The For-Profit Bail Bond Industry

The For-Profit Bail Bond Industry

When a judge sets a financial bond the person receiving the bond theoretically has the option to pay the amount in full to the court. Unfortunately, most people do not have the expendable funds necessary to do this and are forced to rely on a for-profit bail bond company to post their bond. For-profit bond companies typically charge a non-refundable fee for their services. Although fee amounts can vary, the typical fee is 10 percent of the entire bond amount and is non-refundable even in instances where the case is dismissed or where the accused is found not guilty.

The for-profit bail bond industry makes large profits from the fees it charges. Conservative estimates show that the industry makes approximately $2 billion in profits annually by posting $14 billion in bonds across the country. Because the industry is so lucrative for the individual bondsmen, the bond companies, and the insurance industry that underwrites them, the industry is engaged in a large, organized lobbying campaign to promote the use and existence of private bail bonds. Since 2002 to 2011 the industry donated more than $3 million to local and national political campaigns and has actively and vigorously campaigned against state legislative bills that would deprioritize the use of financial bonds in bail. These bills are perceived as an existential threat by the bail industry, and as a result, the industry has committed itself to opposing bail reform measures at all costs, including using false and misleading data, statistics and arguments to support its position.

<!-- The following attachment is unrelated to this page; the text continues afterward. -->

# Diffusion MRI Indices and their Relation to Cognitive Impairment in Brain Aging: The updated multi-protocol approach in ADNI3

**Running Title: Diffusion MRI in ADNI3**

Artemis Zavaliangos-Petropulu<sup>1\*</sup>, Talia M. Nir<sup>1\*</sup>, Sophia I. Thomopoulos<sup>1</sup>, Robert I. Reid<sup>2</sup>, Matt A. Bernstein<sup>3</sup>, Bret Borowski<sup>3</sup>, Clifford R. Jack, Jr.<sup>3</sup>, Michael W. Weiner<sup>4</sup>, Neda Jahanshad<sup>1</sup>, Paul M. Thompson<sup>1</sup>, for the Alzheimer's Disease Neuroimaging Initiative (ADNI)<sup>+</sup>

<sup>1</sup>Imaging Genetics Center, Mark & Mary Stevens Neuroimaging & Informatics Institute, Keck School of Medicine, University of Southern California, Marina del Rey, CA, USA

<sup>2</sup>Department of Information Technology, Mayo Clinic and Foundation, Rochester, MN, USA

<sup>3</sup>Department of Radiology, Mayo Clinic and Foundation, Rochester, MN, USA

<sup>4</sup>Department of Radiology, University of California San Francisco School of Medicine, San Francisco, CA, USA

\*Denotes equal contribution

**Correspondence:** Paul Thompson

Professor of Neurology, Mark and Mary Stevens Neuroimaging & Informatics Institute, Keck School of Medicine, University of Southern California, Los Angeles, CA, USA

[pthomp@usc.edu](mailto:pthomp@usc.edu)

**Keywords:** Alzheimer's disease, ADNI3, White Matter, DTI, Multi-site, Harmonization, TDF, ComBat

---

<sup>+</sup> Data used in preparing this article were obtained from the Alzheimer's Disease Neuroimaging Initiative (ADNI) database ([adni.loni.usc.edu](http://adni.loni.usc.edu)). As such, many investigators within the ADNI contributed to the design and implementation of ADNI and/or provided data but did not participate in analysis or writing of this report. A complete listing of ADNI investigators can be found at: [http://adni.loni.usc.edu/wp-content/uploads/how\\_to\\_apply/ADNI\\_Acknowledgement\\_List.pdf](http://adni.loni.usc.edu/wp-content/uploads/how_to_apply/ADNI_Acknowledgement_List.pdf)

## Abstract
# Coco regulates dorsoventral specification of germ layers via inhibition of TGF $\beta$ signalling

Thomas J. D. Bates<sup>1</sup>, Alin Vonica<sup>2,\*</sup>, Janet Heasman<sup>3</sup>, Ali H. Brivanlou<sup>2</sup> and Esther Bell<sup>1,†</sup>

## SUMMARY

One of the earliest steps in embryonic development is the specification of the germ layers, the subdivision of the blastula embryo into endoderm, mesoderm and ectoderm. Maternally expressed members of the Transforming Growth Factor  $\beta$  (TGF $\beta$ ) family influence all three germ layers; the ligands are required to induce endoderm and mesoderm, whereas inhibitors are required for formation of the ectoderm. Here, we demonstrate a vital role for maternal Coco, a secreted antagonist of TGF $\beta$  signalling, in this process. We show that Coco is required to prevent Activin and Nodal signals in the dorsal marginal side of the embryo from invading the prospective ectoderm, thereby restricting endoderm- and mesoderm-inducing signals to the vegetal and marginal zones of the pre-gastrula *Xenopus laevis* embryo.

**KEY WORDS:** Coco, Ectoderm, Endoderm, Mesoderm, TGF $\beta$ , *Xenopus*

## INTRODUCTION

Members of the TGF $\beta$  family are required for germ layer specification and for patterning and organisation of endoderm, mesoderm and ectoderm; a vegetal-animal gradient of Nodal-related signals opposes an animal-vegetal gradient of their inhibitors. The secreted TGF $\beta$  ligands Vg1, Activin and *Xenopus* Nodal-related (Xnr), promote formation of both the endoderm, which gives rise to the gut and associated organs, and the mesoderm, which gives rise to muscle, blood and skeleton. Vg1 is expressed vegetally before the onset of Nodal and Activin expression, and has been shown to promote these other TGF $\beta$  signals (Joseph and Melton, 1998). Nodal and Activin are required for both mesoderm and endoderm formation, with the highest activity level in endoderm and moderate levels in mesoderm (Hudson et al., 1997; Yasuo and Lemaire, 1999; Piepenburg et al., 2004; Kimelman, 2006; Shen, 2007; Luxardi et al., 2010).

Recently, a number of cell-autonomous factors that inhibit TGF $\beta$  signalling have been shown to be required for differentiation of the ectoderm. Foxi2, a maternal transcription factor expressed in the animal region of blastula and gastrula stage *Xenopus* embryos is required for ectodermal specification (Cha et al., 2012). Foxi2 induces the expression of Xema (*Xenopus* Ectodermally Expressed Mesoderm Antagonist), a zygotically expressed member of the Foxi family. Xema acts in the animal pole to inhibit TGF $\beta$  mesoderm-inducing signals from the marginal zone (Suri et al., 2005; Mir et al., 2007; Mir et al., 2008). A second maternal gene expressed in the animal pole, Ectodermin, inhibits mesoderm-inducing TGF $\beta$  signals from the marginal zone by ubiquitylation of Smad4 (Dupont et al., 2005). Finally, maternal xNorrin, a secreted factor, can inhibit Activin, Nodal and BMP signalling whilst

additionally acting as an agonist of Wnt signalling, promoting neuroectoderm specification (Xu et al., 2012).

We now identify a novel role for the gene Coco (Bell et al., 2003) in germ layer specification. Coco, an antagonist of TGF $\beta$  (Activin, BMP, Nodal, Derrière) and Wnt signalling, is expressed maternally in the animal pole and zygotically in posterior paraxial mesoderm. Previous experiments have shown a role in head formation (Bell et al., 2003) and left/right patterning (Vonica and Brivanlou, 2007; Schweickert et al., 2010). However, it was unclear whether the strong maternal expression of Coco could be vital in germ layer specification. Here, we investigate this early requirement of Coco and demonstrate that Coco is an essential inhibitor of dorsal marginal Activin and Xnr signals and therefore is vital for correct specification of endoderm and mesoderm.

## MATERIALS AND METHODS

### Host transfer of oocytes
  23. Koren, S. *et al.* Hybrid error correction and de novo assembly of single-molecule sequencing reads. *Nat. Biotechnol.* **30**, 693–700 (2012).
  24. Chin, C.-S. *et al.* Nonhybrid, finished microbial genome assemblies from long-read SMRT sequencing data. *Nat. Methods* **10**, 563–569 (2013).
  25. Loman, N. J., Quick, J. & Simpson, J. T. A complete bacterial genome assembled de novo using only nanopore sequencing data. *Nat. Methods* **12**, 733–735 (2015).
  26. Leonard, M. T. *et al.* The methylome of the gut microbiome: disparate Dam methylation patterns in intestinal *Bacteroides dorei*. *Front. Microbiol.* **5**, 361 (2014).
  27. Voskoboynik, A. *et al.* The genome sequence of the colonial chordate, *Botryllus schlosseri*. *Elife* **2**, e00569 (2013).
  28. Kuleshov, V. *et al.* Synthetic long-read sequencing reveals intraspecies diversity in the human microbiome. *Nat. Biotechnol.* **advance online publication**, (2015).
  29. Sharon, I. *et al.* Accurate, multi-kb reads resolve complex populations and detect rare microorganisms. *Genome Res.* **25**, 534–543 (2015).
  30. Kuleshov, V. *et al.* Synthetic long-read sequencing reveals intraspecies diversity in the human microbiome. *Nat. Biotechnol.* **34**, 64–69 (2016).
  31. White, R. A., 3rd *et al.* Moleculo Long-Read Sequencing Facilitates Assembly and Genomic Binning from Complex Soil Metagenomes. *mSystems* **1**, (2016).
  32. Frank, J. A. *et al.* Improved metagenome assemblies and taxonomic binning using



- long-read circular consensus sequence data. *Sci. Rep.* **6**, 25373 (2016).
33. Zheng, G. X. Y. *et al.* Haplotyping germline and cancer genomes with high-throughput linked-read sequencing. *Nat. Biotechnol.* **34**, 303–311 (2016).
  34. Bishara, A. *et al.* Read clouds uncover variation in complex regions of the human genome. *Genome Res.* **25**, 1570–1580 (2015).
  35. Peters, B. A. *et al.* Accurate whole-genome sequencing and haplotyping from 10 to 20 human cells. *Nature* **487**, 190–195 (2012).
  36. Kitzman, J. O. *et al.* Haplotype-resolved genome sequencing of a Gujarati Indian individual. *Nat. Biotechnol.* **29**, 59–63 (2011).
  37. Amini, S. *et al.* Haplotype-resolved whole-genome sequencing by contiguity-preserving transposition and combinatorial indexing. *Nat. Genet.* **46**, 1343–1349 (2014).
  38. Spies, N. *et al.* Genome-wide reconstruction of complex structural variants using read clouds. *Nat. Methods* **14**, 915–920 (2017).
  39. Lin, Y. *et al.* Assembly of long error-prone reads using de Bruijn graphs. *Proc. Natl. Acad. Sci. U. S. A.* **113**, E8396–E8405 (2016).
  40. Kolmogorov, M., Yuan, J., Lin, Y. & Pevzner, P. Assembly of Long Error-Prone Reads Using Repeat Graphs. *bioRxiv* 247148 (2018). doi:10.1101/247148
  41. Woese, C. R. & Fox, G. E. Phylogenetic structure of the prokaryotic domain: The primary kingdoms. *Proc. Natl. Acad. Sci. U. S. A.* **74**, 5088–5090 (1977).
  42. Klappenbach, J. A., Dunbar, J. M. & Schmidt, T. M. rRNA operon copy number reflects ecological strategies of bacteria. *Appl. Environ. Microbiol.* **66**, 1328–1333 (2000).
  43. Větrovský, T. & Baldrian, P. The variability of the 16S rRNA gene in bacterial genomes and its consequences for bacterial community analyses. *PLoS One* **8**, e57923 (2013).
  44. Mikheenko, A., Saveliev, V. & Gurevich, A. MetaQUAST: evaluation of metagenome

It’s important to note that the United States is one of only two countries (the other is the Philippines) that allows for a private bail bond industry. All other countries have decided against having private, for-profit bail companies involved in their legal system because of the numerous unethical practices it tends to involve. To date, four states prohibit for-profit bail for exactly that reason: Oregon, Wisconsin, Illinois, and Kentucky. Although the federal system still allows for for-profit bail bondsmen,  unlike most state courts, it tends to strictly follow federal statutes that promote release on the least restrictive conditions, including non-financial release.

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